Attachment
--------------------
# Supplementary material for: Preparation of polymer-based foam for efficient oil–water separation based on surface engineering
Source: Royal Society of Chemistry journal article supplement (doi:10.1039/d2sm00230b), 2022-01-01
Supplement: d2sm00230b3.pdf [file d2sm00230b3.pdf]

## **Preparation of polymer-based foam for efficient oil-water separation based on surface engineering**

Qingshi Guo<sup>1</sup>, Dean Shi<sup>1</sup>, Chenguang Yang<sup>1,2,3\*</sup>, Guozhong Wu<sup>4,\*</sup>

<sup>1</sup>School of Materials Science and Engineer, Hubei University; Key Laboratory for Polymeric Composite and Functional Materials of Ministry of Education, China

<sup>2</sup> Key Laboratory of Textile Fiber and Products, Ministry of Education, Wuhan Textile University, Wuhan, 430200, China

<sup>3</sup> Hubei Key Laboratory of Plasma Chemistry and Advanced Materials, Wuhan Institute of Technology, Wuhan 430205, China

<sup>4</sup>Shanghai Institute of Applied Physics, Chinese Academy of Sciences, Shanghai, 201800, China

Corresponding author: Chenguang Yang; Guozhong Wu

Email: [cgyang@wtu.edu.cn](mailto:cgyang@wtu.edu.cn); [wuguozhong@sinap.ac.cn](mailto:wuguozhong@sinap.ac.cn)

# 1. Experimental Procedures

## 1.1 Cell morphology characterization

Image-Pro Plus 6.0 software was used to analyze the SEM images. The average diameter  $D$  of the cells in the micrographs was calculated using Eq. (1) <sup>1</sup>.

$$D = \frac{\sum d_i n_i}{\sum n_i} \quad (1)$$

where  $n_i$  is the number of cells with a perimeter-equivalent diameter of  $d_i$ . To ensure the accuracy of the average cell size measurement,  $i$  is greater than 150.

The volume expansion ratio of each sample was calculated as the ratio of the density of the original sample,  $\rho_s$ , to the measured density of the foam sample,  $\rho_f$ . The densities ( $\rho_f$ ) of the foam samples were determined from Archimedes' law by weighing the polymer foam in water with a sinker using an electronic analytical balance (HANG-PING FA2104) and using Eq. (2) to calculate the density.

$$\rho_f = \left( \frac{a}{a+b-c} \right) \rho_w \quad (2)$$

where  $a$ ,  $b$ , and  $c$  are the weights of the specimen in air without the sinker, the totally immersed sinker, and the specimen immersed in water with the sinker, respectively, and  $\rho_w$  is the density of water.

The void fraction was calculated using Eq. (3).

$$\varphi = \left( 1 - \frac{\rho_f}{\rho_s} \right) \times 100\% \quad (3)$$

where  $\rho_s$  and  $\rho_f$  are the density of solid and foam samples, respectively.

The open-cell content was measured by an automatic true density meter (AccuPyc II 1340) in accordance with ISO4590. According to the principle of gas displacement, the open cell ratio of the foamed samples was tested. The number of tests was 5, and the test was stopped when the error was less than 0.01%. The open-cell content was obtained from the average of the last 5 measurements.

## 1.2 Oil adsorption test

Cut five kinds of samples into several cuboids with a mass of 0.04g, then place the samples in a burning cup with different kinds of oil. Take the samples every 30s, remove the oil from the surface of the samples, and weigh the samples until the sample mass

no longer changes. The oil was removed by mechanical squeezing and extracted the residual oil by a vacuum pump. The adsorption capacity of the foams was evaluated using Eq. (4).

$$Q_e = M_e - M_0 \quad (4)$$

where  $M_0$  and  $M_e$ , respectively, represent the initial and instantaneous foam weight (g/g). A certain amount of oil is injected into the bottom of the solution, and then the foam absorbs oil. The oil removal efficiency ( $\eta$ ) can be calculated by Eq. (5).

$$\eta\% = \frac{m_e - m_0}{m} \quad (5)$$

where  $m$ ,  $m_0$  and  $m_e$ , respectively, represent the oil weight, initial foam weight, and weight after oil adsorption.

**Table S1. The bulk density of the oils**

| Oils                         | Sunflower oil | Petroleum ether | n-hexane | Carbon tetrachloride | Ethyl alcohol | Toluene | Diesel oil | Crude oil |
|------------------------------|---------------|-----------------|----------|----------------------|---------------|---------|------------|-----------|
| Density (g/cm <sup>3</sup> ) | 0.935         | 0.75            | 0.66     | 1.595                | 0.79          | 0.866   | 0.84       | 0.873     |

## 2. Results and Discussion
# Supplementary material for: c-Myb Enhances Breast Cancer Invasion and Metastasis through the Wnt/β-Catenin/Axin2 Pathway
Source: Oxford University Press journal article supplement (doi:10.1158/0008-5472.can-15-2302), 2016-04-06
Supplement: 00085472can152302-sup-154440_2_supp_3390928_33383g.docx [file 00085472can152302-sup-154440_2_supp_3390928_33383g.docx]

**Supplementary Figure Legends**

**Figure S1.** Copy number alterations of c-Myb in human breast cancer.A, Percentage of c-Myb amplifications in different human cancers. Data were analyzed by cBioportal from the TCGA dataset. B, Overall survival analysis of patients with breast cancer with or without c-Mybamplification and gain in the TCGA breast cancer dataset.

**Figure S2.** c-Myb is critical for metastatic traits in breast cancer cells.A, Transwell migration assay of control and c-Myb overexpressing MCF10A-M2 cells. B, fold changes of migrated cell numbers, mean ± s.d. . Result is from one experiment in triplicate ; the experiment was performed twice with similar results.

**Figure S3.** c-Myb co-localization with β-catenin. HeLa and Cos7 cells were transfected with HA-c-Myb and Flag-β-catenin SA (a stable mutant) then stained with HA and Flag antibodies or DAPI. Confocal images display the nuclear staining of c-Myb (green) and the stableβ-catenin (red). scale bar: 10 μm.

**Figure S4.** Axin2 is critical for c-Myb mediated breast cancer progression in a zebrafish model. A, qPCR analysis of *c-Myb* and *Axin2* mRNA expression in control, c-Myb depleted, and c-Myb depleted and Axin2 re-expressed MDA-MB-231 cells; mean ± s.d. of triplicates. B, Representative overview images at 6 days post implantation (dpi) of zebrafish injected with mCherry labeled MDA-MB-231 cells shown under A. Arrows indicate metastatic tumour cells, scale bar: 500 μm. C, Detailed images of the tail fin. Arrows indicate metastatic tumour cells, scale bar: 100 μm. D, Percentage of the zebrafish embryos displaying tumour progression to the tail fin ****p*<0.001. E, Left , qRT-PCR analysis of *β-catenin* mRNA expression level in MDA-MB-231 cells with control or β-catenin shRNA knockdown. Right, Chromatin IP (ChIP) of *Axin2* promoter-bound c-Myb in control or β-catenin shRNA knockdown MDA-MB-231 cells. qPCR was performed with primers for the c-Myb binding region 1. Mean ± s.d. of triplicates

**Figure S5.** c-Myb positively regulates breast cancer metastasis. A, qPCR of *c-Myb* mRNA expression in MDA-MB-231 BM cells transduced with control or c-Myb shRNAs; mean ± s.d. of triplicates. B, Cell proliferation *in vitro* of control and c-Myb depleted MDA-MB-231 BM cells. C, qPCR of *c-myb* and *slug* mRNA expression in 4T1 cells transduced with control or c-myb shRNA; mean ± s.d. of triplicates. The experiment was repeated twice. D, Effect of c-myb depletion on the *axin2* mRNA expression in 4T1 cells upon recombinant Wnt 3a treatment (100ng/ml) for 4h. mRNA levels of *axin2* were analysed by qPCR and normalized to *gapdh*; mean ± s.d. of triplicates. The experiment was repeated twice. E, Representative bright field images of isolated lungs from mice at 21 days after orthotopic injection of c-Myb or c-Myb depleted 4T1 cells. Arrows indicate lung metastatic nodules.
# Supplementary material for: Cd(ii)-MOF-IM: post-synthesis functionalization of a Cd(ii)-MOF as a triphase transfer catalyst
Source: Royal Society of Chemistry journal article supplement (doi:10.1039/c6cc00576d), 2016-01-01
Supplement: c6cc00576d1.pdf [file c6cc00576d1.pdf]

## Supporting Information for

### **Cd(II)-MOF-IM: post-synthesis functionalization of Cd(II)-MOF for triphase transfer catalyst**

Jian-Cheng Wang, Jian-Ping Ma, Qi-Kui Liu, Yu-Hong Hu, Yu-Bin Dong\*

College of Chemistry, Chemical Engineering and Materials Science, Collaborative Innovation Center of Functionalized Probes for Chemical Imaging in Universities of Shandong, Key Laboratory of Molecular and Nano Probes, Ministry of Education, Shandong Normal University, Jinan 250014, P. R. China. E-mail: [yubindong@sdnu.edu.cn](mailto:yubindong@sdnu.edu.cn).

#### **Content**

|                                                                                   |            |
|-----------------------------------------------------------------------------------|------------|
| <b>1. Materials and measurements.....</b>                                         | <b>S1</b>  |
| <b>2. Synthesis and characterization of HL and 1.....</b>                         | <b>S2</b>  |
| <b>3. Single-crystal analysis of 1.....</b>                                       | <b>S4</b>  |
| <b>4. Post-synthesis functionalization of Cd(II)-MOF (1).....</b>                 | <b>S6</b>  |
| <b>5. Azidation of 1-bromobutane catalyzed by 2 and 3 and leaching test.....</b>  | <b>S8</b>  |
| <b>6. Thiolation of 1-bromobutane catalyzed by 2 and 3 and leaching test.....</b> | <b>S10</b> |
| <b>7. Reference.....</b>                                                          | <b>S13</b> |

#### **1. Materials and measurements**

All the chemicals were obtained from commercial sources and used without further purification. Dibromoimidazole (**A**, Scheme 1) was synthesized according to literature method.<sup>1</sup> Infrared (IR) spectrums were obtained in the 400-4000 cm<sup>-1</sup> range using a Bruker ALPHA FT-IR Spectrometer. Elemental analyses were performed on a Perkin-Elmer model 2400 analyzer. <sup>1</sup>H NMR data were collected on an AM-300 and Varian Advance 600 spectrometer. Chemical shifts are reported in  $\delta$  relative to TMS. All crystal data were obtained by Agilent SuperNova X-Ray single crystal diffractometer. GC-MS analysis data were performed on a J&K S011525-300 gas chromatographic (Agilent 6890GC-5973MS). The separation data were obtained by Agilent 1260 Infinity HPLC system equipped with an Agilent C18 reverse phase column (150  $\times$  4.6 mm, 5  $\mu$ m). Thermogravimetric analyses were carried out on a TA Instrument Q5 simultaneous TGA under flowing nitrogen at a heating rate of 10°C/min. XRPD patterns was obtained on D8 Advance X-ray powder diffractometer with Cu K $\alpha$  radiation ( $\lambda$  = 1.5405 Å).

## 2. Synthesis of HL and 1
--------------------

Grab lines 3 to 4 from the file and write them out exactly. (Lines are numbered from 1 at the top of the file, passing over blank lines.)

Supplement: d2sm00230b3.pdf [file d2sm00230b3.pdf]

## **Preparation of polymer-based foam for efficient oil-water separation based on surface engineering**